Tweet4Wolves

8. #Wolves #SaveDenaliWolves #StandForWolves Save #ArchipelagoWolves Please tweet for more support:http://wp.me/p6o9qd-2B

Tweet4Wolves

Please send off these tweets for Alexander Archipelago Wolves at your leisure until 3:00 p.m. EDT August 10th:

1.**Tweetstorm**  #Wolves  #StandForWolves  Please be a voice for Alexander #ArchipelagoWolves: https://t.co/eEorYSwIug PLS RT

Tweet4Wolves

2. Alaska’s #Wolves face catastrophe, Alexander #ArchipelagoWolves population plummeted 60% in 1 yr. Be their voice:  goo.gl/R5FfLq

Tweet4Wolves

3.**Tweetstorm**  #Wolves #SaveWolves #StandForWolves Be a voice for the imperiled #ArchipelagoWolves:  http://t.co/oPeXzNcwgc

Tweet4Wolves

4. Demand #Alaska call off the hunting & trapping season 4  imperiled #ArchipelagoWolves PLS join tweetstorm 8/10: goo.gl/R5FfLq

Tweet4Wolves

5. #ArchipelagoWolves should be protected under #ESA as an #EndangeredSpecies. Help make this happen! Tweetstorm: goo.gl/R5FfLq

Tweet4Wolves

6. The time to save Alaska’s #wolves is now! Save #ArchipelagoWolves. Please join tweetstorm 8/10 #SaveWolves Help out: goo.gl/R5FfLq

Tweet4Wolves

7. Alaska’s Prince of Wales #ArchipelagoWolves are nearing #Extinction. Demand emergency protection! #StandForWolves  goo.gl/R5FfLq

Tweet4Wolves

Thank you, everyone, for your support. Together we can be a strong voice for our beloved wolves!

BE A VOICE FOR ALASKA’S ARCHIPELAGO WOLVES   Leave a comment

From intheshadowofthewolf on July 23, 2015

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Please send off these tweets to your following at your leisure over the weekend for added support. This imperiled species needs our help urgently with as many voices as we can muster! Thank you.

**Tweetstorm**  #Wolves  #StandForWolves  Please be a voice for Archipelago Wolves: https://t.co/eEorYSwIug PLS RT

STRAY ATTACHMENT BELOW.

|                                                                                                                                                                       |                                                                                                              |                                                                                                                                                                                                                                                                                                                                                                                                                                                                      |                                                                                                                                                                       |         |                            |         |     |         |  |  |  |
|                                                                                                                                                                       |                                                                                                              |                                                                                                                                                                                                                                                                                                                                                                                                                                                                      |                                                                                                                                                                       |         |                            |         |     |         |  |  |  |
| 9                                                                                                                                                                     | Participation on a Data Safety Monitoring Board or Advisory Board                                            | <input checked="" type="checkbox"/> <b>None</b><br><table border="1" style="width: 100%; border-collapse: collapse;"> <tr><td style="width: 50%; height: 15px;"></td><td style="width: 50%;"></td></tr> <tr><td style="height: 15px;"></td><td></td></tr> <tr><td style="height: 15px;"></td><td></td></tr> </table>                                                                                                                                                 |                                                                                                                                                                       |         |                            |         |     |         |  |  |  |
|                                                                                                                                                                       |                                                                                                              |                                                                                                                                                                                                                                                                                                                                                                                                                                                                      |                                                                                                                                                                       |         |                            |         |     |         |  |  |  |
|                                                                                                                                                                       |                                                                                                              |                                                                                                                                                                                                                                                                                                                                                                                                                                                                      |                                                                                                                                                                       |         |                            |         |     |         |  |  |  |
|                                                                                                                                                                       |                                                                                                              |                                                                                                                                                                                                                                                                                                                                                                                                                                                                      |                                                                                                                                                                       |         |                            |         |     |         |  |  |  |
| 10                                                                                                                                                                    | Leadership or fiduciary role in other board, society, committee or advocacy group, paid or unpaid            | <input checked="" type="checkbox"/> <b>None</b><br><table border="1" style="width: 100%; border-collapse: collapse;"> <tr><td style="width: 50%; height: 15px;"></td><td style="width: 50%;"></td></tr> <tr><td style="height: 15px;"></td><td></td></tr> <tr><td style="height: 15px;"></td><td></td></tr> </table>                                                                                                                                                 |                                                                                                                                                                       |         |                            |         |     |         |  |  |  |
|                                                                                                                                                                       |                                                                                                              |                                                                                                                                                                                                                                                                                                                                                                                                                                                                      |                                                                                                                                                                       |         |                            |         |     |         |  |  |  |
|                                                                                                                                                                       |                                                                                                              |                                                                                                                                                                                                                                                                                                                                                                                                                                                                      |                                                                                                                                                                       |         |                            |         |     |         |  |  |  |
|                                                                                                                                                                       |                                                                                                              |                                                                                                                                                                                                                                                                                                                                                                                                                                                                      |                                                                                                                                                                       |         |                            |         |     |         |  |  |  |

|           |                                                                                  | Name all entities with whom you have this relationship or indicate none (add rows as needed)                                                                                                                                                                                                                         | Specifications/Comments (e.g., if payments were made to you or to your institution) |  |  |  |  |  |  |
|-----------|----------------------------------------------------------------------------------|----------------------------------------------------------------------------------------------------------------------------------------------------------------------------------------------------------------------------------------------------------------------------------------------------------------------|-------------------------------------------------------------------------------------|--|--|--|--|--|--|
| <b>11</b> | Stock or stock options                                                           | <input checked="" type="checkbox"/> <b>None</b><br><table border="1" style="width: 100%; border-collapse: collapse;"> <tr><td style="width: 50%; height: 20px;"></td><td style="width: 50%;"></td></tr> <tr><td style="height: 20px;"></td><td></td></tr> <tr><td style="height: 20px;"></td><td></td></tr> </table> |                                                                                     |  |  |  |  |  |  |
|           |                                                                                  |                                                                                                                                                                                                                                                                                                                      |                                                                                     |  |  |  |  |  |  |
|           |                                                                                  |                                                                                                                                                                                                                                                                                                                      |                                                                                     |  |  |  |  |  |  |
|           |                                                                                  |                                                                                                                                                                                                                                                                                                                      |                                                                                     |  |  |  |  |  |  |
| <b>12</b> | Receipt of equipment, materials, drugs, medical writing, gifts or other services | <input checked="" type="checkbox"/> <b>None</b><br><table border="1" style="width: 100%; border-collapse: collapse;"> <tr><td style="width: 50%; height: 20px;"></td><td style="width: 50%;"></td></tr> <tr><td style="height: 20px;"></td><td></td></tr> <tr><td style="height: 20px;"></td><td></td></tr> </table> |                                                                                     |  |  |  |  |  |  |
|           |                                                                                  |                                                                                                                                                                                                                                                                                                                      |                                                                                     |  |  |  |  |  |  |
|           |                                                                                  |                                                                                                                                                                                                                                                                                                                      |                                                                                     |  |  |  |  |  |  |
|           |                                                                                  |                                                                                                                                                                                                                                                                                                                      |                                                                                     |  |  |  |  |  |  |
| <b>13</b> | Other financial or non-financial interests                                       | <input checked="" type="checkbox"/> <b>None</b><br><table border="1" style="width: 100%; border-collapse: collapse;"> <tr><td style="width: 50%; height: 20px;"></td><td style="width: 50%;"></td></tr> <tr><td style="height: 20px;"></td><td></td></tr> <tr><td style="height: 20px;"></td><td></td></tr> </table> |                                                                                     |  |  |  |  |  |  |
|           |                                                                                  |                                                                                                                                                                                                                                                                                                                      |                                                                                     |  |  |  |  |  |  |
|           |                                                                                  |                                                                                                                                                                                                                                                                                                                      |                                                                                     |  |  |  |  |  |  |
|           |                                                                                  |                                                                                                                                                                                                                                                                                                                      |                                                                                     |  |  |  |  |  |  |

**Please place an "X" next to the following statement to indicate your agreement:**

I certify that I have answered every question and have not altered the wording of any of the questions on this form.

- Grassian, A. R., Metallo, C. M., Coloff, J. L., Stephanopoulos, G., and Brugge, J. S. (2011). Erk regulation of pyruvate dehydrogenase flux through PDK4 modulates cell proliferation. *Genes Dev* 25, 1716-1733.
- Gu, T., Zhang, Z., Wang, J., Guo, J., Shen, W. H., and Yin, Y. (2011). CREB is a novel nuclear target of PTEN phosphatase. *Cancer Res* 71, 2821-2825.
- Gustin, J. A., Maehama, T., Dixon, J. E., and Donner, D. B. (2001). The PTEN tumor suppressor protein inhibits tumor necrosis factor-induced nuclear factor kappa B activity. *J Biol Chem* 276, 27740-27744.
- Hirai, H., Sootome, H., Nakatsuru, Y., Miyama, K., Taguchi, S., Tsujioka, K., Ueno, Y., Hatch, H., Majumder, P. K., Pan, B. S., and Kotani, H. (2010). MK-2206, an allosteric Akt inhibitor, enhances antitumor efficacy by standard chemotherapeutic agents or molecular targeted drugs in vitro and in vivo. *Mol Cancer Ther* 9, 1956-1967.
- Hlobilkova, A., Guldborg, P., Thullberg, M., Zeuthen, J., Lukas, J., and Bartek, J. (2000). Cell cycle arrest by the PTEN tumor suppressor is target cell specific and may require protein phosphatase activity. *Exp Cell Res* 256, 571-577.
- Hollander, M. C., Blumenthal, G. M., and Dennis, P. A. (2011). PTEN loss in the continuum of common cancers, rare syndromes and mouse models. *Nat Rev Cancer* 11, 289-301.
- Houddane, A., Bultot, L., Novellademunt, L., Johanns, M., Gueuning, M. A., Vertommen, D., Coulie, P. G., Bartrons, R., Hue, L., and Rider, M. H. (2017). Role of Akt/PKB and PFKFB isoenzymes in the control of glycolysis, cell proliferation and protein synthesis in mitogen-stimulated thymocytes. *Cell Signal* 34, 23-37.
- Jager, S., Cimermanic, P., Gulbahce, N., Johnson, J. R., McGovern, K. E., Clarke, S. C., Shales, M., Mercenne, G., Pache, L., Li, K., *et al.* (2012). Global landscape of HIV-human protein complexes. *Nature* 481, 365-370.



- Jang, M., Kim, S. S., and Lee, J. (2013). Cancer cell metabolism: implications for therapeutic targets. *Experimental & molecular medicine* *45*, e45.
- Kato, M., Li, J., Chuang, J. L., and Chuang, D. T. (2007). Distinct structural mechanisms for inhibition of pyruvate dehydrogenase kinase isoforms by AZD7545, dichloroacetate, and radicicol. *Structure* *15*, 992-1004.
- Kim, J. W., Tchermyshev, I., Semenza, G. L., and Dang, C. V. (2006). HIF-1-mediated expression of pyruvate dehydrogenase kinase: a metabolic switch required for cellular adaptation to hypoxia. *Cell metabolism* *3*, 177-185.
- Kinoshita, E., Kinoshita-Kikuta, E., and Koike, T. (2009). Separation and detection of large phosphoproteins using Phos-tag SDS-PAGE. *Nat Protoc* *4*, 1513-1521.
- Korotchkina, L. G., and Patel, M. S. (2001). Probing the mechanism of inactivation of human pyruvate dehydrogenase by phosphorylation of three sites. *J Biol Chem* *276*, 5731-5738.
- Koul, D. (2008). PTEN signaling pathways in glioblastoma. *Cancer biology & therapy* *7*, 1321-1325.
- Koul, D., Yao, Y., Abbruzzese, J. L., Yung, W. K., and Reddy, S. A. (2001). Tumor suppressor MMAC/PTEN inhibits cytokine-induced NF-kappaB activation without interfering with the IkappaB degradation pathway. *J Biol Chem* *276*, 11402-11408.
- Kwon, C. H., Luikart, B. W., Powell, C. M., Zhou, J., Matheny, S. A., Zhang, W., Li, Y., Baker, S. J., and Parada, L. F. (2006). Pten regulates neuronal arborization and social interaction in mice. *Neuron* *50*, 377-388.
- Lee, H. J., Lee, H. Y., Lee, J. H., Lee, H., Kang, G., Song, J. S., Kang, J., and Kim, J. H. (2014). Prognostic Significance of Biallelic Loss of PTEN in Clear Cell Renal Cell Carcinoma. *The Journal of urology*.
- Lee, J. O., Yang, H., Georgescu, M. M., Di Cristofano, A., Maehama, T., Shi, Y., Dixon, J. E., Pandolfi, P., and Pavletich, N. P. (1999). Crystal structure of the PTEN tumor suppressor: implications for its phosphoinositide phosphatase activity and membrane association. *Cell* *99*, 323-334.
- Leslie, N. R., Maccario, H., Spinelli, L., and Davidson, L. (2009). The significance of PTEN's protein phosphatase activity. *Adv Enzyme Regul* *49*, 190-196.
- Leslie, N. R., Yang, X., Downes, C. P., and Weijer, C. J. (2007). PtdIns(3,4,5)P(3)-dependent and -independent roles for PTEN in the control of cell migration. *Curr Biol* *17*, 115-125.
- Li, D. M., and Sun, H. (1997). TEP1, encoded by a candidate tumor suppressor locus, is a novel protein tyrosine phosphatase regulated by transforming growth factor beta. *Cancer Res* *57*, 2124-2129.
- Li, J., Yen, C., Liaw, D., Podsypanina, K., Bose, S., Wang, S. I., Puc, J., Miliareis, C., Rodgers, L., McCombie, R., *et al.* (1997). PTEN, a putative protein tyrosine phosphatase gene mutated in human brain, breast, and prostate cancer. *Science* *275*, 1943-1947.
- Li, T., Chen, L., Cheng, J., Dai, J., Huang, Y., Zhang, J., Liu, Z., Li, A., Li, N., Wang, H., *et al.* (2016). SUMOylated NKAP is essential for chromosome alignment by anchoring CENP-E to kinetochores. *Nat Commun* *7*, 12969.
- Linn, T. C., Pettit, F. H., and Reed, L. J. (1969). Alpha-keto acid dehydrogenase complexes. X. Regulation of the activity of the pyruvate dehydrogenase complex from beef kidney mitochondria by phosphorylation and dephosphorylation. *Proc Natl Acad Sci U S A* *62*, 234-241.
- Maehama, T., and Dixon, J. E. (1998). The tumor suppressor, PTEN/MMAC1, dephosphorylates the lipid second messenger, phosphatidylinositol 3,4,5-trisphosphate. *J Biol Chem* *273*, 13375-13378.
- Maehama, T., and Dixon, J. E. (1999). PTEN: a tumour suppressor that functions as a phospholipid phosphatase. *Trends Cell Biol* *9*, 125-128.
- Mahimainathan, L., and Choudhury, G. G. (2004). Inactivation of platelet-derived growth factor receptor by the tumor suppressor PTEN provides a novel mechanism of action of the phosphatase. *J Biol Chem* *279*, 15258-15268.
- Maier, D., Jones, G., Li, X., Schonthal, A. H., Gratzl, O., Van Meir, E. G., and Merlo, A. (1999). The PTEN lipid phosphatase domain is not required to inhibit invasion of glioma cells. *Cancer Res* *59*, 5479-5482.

Tweet this: 💙http://ctt.ec/U22

Alaska’s #Wolves face catastrophe, Alexander Archipelago Wolves population plummeted 60% in 1 yr. Be their voice:  goo.gl/R5FfLq

Tweet this: 💙http://ctt.ec/zce29

**Tweetstorm**  #Wolves #SaveWolves #StandForWolves Be a voice for the imperiled Archipelago Wolves:  http://t.co/oPeXzNcwgc

Tweet this: 💙http://ctt.ec/cbroy

Demand #Alaska call off the hunting & trapping season 4  imperiled Archipelago #Wolves PLS join tweetstorm 7/27: goo.gl/R5FfLq

Tweet this: 💙http://ctt.ec/23g6x

Archipelago #wolves should be protected under #ESA as an #EndangeredSpecies. Help make this happen! Tweetstorm: goo.gl/R5FfLq

Tweet this: 💙http://ctt.ec/otA39

The time to save Alaska’s #wolves is now! Be a voice for Archipelago Wolves. Please join tweetstorm 7/27 #SaveWolves Help out: goo.gl/R5FfLq

Tweet this: 💙http://ctt.ec/nz7ma

Alaska’s Prince of Wales #Wolves are nearing #Extinction. Demand emergency protection! #StandForWolves  goo.gl/R5FfLq

Tweet this: 💙http://ctt.ec/90TJj

MICHIGAN CONSERVATION AGENCY SEEKS INPUT FOR WOLF MANAGEMENT PLAN   1 comment

From:  Watchdog Wire Michigan

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Dept. of Natural Resources conducting survey

November 20, 2014

The Michigan Department of Natural Resources (DNR) is soliciting comments as the state conservation agency retools its 2008 Wolf Management Plan.

The 2008 plan was crafted with extensive public input. Among its principal goals were to maintain a viable wolf population, minimize wolf-related conflicts, and conduct science-based, socially acceptable management of the species.